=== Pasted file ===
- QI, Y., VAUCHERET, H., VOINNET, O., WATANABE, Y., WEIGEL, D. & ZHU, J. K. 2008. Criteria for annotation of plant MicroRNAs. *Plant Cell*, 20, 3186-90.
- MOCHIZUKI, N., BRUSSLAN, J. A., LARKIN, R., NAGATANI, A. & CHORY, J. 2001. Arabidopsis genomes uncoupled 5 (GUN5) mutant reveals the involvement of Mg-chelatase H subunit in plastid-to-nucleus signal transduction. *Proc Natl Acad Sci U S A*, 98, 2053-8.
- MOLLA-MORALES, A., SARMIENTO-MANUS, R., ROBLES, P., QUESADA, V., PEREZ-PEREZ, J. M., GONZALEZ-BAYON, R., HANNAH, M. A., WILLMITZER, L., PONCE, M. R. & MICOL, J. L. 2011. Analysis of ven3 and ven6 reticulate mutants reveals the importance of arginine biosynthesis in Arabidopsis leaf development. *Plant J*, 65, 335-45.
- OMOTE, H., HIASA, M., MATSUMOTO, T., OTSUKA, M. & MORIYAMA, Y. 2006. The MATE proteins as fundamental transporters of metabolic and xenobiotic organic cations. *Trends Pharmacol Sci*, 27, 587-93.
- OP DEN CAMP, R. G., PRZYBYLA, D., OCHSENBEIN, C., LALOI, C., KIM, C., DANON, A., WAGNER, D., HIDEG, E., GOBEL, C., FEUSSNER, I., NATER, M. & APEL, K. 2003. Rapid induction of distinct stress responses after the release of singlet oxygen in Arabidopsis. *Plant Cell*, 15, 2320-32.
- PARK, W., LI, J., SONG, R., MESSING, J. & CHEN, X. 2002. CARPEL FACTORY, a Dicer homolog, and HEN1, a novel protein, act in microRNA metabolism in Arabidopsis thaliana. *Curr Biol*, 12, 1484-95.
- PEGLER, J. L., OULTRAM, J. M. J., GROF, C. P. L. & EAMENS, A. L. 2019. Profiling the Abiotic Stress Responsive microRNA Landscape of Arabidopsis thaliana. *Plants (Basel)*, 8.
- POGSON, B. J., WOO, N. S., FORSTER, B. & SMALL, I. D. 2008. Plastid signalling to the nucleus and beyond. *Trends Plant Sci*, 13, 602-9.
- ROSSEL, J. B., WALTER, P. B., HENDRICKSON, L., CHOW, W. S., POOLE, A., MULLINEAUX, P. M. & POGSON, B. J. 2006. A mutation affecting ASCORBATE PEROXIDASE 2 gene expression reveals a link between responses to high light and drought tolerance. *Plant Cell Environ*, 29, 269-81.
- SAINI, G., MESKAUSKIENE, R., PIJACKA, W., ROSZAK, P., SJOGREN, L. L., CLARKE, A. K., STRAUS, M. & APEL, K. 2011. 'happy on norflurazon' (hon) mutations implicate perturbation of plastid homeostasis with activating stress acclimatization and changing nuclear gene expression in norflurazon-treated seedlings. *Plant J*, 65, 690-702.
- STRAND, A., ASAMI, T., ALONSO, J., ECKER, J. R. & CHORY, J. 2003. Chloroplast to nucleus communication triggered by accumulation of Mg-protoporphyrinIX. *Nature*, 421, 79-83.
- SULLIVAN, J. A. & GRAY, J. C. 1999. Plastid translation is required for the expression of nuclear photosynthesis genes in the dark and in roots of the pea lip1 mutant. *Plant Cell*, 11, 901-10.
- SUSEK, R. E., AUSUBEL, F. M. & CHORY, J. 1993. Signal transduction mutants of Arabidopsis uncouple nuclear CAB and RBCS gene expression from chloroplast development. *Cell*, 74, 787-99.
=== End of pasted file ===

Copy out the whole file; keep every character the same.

- QI, Y., VAUCHERET, H., VOINNET, O., WATANABE, Y., WEIGEL, D. & ZHU, J. K. 2008. Criteria for annotation of plant MicroRNAs. *Plant Cell*, 20, 3186-90.
- MOCHIZUKI, N., BRUSSLAN, J. A., LARKIN, R., NAGATANI, A. & CHORY, J. 2001. Arabidopsis genomes uncoupled 5 (GUN5) mutant reveals the involvement of Mg-chelatase H subunit in plastid-to-nucleus signal transduction. *Proc Natl Acad Sci U S A*, 98, 2053-8.
- MOLLA-MORALES, A., SARMIENTO-MANUS, R., ROBLES, P., QUESADA, V., PEREZ-PEREZ, J. M., GONZALEZ-BAYON, R., HANNAH, M. A., WILLMITZER, L., PONCE, M. R. & MICOL, J. L. 2011. Analysis of ven3 and ven6 reticulate mutants reveals the importance of arginine biosynthesis in Arabidopsis leaf development. *Plant J*, 65, 335-45.
- OMOTE, H., HIASA, M., MATSUMOTO, T., OTSUKA, M. & MORIYAMA, Y. 2006. The MATE proteins as fundamental transporters of metabolic and xenobiotic organic cations. *Trends Pharmacol Sci*, 27, 587-93.
- OP DEN CAMP, R. G., PRZYBYLA, D., OCHSENBEIN, C., LALOI, C., KIM, C., DANON, A., WAGNER, D., HIDEG, E., GOBEL, C., FEUSSNER, I., NATER, M. & APEL, K. 2003. Rapid induction of distinct stress responses after the release of singlet oxygen in Arabidopsis. *Plant Cell*, 15, 2320-32.
- PARK, W., LI, J., SONG, R., MESSING, J. & CHEN, X. 2002. CARPEL FACTORY, a Dicer homolog, and HEN1, a novel protein, act in microRNA metabolism in Arabidopsis thaliana. *Curr Biol*, 12, 1484-95.
- PEGLER, J. L., OULTRAM, J. M. J., GROF, C. P. L. & EAMENS, A. L. 2019. Profiling the Abiotic Stress Responsive microRNA Landscape of Arabidopsis thaliana. *Plants (Basel)*, 8.
- POGSON, B. J., WOO, N. S., FORSTER, B. & SMALL, I. D. 2008. Plastid signalling to the nucleus and beyond. *Trends Plant Sci*, 13, 602-9.
- ROSSEL, J. B., WALTER, P. B., HENDRICKSON, L., CHOW, W. S., POOLE, A., MULLINEAUX, P. M. & POGSON, B. J. 2006. A mutation affecting ASCORBATE PEROXIDASE 2 gene expression reveals a link between responses to high light and drought tolerance. *Plant Cell Environ*, 29, 269-81.
- SAINI, G., MESKAUSKIENE, R., PIJACKA, W., ROSZAK, P., SJOGREN, L. L., CLARKE, A. K., STRAUS, M. & APEL, K. 2011. 'happy on norflurazon' (hon) mutations implicate perturbation of plastid homeostasis with activating stress acclimatization and changing nuclear gene expression in norflurazon-treated seedlings. *Plant J*, 65, 690-702.
- STRAND, A., ASAMI, T., ALONSO, J., ECKER, J. R. & CHORY, J. 2003. Chloroplast to nucleus communication triggered by accumulation of Mg-protoporphyrinIX. *Nature*, 421, 79-83.
- SULLIVAN, J. A. & GRAY, J. C. 1999. Plastid translation is required for the expression of nuclear photosynthesis genes in the dark and in roots of the pea lip1 mutant. *Plant Cell*, 11, 901-10.
- SUSEK, R. E., AUSUBEL, F. M. & CHORY, J. 1993. Signal transduction mutants of Arabidopsis uncouple nuclear CAB and RBCS gene expression from chloroplast development. *Cell*, 74, 787-99.